Saturday, August 27, 2016

Pirc Knight Tour vs Melissakis

Pete Melissakis was my first. He was the first one to play the Pirc Defence against me in a recorded game. I’m sure that in my younger years I faced the Pirc. As I recall some kid in Washburn, Maine used to play the Pirc and Benko against me. Ray Haines might remember the kid from 1974, but I forgot his name.

“Game score” is a funny chess term. The general meaning and the technical meaning differ. The word score implies results. Did you win, lose or draw? How did you score in the tournament? Technically, “game score” means the recording of the moves played in the game. Often this was a hand written list of moves. Forty years ago I started keeping better records. Like many of us, my game scores from my early years were lost long ago.

Against Melissakis I chose the safe Classical Variation. It was made popular by the then World Champion Anatoly Karpov. He played 4.Nf3 and 5.Be2 to beat Smejkal, Hort, Pfleger, Keene and Adorjan. Later Karpov would defeat Spassky, Nunn and others with it. But Timman and Korchnoi managed draws vs him.

My approach in this line was safe solid development. I wanted to focus on the center and keep my pieces active. I dreamed of the Karpov approach. Take away all my opponent’s good options. Leave my opponent with only blunders to choose from.

My king’s knight went on an adventure against Pete Melissakis. The horse started on g1 and galloped to 4.Nf3, 11.Nd4, 16.Nb3, 32.Na5, 35.Nc6 and finished with 36.Nxe7+ 1-0.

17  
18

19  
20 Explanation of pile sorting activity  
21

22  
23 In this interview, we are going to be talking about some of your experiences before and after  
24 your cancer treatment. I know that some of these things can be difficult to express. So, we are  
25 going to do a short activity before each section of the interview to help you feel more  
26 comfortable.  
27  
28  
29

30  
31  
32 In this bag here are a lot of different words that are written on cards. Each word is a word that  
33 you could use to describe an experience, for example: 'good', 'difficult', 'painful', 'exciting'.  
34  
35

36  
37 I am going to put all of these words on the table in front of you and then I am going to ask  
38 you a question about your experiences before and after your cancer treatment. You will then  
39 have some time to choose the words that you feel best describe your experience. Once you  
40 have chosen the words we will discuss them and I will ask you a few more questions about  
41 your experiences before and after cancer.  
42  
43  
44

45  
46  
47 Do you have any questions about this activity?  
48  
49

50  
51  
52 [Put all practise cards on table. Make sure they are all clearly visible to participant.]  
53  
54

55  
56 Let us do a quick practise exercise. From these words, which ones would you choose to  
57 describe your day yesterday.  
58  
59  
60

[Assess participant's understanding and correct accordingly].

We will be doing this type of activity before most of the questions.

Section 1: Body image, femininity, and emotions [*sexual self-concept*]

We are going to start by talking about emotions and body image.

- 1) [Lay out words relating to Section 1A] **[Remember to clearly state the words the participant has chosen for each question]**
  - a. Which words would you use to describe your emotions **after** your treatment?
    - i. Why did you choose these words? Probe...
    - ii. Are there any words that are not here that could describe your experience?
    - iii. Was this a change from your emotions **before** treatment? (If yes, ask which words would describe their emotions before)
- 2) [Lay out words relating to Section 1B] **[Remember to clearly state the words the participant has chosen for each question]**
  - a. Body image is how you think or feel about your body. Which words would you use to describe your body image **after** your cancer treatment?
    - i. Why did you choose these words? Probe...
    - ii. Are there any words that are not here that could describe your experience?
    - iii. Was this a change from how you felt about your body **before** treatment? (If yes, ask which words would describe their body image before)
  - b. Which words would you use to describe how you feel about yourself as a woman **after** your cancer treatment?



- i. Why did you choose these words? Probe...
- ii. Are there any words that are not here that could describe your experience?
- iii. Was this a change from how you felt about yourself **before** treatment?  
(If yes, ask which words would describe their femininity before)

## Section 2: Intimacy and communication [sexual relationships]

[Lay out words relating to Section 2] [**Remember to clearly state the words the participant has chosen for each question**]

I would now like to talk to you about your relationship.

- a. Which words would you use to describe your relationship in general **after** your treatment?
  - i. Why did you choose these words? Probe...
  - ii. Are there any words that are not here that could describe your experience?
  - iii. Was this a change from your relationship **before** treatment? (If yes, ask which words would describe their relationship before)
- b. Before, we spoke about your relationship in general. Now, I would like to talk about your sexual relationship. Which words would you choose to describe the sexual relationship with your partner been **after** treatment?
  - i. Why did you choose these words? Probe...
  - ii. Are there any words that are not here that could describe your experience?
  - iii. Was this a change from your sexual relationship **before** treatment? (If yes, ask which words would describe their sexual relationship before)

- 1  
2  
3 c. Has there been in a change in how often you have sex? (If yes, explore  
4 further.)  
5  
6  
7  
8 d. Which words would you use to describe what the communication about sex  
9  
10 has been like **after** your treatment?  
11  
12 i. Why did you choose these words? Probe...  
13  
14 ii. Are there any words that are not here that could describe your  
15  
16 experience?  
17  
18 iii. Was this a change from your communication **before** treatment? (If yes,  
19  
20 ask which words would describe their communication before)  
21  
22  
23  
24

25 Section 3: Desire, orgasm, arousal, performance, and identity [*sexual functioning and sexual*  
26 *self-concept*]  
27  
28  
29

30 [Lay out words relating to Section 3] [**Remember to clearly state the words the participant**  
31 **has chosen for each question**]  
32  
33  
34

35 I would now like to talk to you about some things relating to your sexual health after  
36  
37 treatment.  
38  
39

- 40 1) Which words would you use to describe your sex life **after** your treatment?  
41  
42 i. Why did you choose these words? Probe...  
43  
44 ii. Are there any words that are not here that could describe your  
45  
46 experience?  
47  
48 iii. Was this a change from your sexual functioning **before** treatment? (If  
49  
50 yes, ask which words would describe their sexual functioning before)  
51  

My Alekhine & Pirc book is now available in Kindle and paperback.

Sawyer (2000) - Melissakis (1728), corr APCT 1979 begins 1.e4 d6 2.d4 Nf6 3.Nc3 g6 4.Nf3 Bg7 5.Be2 0-0 6.0-0 Nc6 7.d5 [7.h3; or 7.Be3 ] 7...Nb8 8.h3 [8.Re1] 8...c6 9.a4 cxd5 [9...Nbd7=] 10.exd5 b6 11.Nd4 Bb7 12.Bf3 Qd7 13.Re1 a6 14.Bf4 Ra7 15.Qd2 Rc8 16.Nb3 Ba8 17.Bg5 Rac7 18.Re3 h6 19.Bh4 Rc4 [19...Qd8=] 20.Bg3 Qa7 21.Rae1 Bf8 22.Be2 R4c7 23.f4 [23.Bf3+/=] 23...Nbd7 [23...Rxc3=] 24.Bf2 Bb7 [24...Rxc3 25.Rxc3=] 25.g4 [25.f5+/-] 25...Nh7 26.Bf3 Bg7  [26...Qa8 27.Nd4+/=] 27.Bg2 Bf6 28.h4 [28.Nd4+-] 28...Ndf8 [28...Qa8 29.Nd4+/=] 29.Rh3 Bg7 30.a5 Qb8 31.axb6 Rd7 32.Na5 Re8 33.g5 h5 [33...Ba8 34.gxh6 Bxh6 35.h5+-] 34.Rhe3 f6 35.Nc6 Qa8 36.Nxe7+ 1-0

You may also like: King Pawn (1.e4 e5) and Queen Pawn (1.d4 d5)
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  1. Contrasting later change of role model: from Karpov to Diemer... ;)

    1. Yes! I improved when I added gambits. When Karpov wrote a book on Queen Pawn Openings (in Russian) he cited my Blackmar-Diemer Gambit Keybook II. If I translated the Russian correctly, Karpov called me a Baptist minister, which I was for a while.


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